For students in biology professor Rachel Fink’s seminar on stem cells and bioethics, the educational experience extends well beyond the academic ivory tower and reaches all the way to the halls of government in Washington, D.C.
Early this semester, Fink (far right in picture) took six students (l to r: Nagina Khudaynazar '11, Nickesha Anderson '11, Catherine Braine' 11, Maria Park '11, Nicole Moulinie '12, and Lorencia Chigweshe '11) to attend a meeting of President Obama’s Commission for the Study of Bioethical Issues and arranged for the group to meet with various scientists and other professionals working within the bioethical policy-making process.
“The trip to Washington, D.C. was a great opportunity to learn about the newest advancements in science that pose significant ethical concerns as they become more widely used in various biomedical applications,” said Nickesha Anderson ‘11. “In addition, the conference allowed me to think about how individuals from many different disciplines can come together to advance scientific knowledge in a way that is most beneficial for patients.”
The commission meeting focused on the explosion of information coming from genetic analysis and neuroimaging. Students heard experts tackle challenging questions regarding the balance of patient rights and the goals of scientific research, such as defining “informed consent,” and determining how a global medical community can assure patients are given respect.
Beyond the day-and-a-half meeting, Fink and her students also did some sightseeing.
“This group of students was the most international of any I have taken to Washington,” said Fink. “We had a private tour of the Eisenhower Executive Office Building, and as we went through the White House checkpoint, I loved the fact that the passports we used for identification purposes were from Zimbabwe, Jamaica, Korea, and the United States.”
While the capital attractions may have been new to her students, this was the third time Fink has taken her seminar students to a bioethics council meeting in D.C.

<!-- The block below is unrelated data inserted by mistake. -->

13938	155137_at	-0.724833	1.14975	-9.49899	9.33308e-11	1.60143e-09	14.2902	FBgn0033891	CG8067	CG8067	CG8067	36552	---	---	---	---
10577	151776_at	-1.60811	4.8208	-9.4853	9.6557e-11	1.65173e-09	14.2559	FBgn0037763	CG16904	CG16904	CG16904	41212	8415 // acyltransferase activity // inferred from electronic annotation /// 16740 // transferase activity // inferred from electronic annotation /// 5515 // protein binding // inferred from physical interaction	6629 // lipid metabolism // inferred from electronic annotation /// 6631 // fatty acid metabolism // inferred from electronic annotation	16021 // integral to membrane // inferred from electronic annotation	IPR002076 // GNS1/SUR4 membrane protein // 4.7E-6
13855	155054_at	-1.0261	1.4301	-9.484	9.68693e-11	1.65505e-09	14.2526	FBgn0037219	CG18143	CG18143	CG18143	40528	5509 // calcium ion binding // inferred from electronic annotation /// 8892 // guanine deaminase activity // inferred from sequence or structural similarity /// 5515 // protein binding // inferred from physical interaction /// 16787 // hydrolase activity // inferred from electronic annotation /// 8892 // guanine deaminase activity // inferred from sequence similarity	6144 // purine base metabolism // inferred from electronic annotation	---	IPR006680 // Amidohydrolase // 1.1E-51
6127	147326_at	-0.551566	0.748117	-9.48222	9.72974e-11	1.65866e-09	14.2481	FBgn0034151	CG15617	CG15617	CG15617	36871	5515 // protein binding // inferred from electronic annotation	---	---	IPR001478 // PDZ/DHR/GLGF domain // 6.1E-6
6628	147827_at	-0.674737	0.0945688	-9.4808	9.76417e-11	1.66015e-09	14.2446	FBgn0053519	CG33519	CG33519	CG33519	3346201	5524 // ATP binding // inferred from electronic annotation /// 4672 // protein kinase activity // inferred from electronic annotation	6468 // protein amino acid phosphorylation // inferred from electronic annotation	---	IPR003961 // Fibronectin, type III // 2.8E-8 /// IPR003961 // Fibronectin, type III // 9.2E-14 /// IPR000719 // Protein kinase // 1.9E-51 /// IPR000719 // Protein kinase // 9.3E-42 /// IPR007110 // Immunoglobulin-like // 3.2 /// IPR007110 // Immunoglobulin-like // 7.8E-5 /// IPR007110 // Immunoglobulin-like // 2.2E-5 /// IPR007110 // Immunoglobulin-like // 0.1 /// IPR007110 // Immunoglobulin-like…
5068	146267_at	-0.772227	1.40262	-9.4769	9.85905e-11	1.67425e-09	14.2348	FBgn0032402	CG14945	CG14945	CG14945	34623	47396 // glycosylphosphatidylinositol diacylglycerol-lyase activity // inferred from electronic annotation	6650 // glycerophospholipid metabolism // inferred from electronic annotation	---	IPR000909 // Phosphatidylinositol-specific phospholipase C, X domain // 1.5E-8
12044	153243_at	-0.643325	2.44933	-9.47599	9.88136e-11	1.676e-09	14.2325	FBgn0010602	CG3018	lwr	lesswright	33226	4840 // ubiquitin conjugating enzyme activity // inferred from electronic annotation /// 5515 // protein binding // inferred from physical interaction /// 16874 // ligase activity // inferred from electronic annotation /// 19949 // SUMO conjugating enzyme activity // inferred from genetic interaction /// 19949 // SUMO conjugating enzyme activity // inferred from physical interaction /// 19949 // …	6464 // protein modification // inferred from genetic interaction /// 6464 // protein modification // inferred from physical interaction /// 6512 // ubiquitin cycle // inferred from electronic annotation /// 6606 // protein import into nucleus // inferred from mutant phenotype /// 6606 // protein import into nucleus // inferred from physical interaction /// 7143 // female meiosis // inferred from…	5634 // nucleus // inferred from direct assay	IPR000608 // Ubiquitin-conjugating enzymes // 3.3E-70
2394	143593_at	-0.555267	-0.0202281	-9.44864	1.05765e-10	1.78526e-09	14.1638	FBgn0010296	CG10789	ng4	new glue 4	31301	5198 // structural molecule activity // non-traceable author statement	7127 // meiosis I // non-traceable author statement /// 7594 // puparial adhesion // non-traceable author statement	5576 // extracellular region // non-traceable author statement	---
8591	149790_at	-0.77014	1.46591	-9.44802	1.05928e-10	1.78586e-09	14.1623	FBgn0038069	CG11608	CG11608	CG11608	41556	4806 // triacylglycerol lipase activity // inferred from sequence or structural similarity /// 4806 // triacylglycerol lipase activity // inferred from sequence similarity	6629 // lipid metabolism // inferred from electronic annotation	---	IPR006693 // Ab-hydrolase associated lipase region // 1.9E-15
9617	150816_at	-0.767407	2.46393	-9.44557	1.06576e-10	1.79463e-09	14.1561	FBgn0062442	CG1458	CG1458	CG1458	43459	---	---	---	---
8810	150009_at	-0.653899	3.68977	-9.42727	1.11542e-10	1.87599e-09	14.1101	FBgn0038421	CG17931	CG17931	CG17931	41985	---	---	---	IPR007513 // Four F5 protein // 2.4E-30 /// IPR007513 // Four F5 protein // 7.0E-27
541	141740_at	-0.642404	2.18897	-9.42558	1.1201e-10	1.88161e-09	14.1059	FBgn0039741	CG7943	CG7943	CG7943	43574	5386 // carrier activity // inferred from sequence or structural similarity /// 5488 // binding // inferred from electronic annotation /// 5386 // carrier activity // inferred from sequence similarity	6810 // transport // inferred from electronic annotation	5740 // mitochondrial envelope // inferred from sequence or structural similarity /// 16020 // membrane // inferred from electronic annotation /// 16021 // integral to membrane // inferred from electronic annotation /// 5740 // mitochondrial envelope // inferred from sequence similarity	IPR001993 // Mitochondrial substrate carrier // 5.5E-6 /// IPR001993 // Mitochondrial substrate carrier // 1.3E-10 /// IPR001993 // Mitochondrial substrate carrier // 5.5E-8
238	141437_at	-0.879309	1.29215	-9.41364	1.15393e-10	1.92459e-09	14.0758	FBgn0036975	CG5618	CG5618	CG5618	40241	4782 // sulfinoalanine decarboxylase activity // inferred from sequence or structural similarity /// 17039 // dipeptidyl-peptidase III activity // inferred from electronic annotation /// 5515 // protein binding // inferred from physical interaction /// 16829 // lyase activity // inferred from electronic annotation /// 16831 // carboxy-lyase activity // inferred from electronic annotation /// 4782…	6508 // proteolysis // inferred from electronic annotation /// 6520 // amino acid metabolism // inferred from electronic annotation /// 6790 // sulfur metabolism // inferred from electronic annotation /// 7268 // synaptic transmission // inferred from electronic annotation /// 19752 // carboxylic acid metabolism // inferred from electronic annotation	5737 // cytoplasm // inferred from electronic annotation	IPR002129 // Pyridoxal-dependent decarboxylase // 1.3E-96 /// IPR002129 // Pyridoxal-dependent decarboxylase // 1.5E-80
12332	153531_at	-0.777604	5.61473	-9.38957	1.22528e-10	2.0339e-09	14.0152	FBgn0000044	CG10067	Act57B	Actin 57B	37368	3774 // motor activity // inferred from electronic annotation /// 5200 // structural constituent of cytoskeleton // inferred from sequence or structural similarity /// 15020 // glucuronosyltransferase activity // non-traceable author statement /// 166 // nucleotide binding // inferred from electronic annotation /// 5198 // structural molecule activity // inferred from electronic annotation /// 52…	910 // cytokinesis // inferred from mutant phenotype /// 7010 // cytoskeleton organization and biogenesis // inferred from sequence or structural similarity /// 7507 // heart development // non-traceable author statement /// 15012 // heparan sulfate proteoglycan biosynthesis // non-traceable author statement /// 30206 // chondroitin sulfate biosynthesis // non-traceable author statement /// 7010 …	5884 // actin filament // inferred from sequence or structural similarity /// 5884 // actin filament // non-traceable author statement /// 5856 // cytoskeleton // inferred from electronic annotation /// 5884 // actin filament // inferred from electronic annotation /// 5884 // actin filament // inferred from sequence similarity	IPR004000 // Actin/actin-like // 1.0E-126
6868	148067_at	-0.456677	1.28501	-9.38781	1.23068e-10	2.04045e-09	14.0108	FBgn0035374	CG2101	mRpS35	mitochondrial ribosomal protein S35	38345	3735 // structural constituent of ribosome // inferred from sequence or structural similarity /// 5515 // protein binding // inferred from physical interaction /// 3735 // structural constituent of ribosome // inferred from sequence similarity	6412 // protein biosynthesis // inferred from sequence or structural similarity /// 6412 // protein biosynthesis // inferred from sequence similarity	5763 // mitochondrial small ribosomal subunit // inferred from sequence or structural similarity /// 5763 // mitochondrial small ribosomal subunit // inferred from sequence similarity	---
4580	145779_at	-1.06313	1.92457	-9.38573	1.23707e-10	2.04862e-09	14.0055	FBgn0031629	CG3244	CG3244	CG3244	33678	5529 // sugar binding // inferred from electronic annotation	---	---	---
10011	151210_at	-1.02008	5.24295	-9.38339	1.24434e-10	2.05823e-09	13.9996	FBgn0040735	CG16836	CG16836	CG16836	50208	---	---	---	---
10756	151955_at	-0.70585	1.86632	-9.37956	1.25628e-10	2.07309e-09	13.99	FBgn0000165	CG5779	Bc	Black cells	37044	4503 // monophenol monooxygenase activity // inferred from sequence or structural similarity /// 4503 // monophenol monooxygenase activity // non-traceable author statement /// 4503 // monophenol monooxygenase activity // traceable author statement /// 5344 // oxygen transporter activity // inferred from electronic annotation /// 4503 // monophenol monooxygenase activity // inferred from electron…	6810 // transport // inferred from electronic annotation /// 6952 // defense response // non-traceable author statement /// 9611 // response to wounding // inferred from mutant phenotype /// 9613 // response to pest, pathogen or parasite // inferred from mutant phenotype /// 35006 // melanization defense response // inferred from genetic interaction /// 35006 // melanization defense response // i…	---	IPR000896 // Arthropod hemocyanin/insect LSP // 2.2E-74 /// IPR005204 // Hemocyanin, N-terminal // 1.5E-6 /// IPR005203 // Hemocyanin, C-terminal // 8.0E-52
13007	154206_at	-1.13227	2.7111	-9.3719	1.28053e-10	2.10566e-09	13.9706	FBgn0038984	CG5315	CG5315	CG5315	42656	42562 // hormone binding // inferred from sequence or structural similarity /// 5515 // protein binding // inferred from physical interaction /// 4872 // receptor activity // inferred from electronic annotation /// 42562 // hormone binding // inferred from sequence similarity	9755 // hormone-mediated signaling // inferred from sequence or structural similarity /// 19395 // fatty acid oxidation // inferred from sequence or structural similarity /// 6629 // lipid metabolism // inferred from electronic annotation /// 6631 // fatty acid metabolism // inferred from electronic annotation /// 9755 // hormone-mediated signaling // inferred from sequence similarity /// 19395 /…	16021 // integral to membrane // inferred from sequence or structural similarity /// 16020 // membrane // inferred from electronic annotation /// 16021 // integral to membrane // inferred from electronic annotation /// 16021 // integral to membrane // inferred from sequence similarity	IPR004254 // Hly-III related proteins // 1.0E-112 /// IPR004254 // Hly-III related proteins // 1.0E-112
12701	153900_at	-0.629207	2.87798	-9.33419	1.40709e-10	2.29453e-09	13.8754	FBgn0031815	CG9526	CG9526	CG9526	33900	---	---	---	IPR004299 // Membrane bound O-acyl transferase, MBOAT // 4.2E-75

“By the time our students have taken years of biology courses, they are experts at what goes on in a laboratory,” she said. “This kind of adventure allows them to question how science fits into a larger context. If I could solve the logistics to take my 150 Introductory Biology students to D.C., I would do it in a heartbeat!”
On their last afternoon, the group visited the headquarters of the American Society for Cell Biology and met with Kevin Wilson, the organization’s director of public policy, who talked about stem cell research and the current legal battle over the federal government’s financial support of it. Wilson is helping to fight an injunction that would not only bar federal funding of stem cell research, but make it illegal to work with embryonic stem cells.
“Wilson’s attempts to bridge the divide between the Washington political scene and the scientific community are admirable,” said Catherine Braine ‘11. “This meeting served to reinforce for me that science does not exist within a bubble, but really is a social enterprise.”
The scientifically minded students also spent some time with representatives from the National Science Foundation and USAID--the government agency that provides U.S. economic and humanitarian assistance worldwide--giving them a glimpse into some of the policy-related career paths that are available to them outside of the lab.
“I am interested in public health and, as a chemistry major, I was inspired to talk to other people who started as science majors and are now working in public health,” said Lorencia Chigweshe ‘11. “As science continues to advance, it is important to address the ethics that come up with integration of new technologies into society.”
“It was definitely good to look at science from different angles, be it from a political, ethical, or funding spectrum,” said Nagina Khudaynazar ‘11. “What I liked most about the trip was becoming aware of how much the science field is progressing and how in the future I can contribute or be part of it.”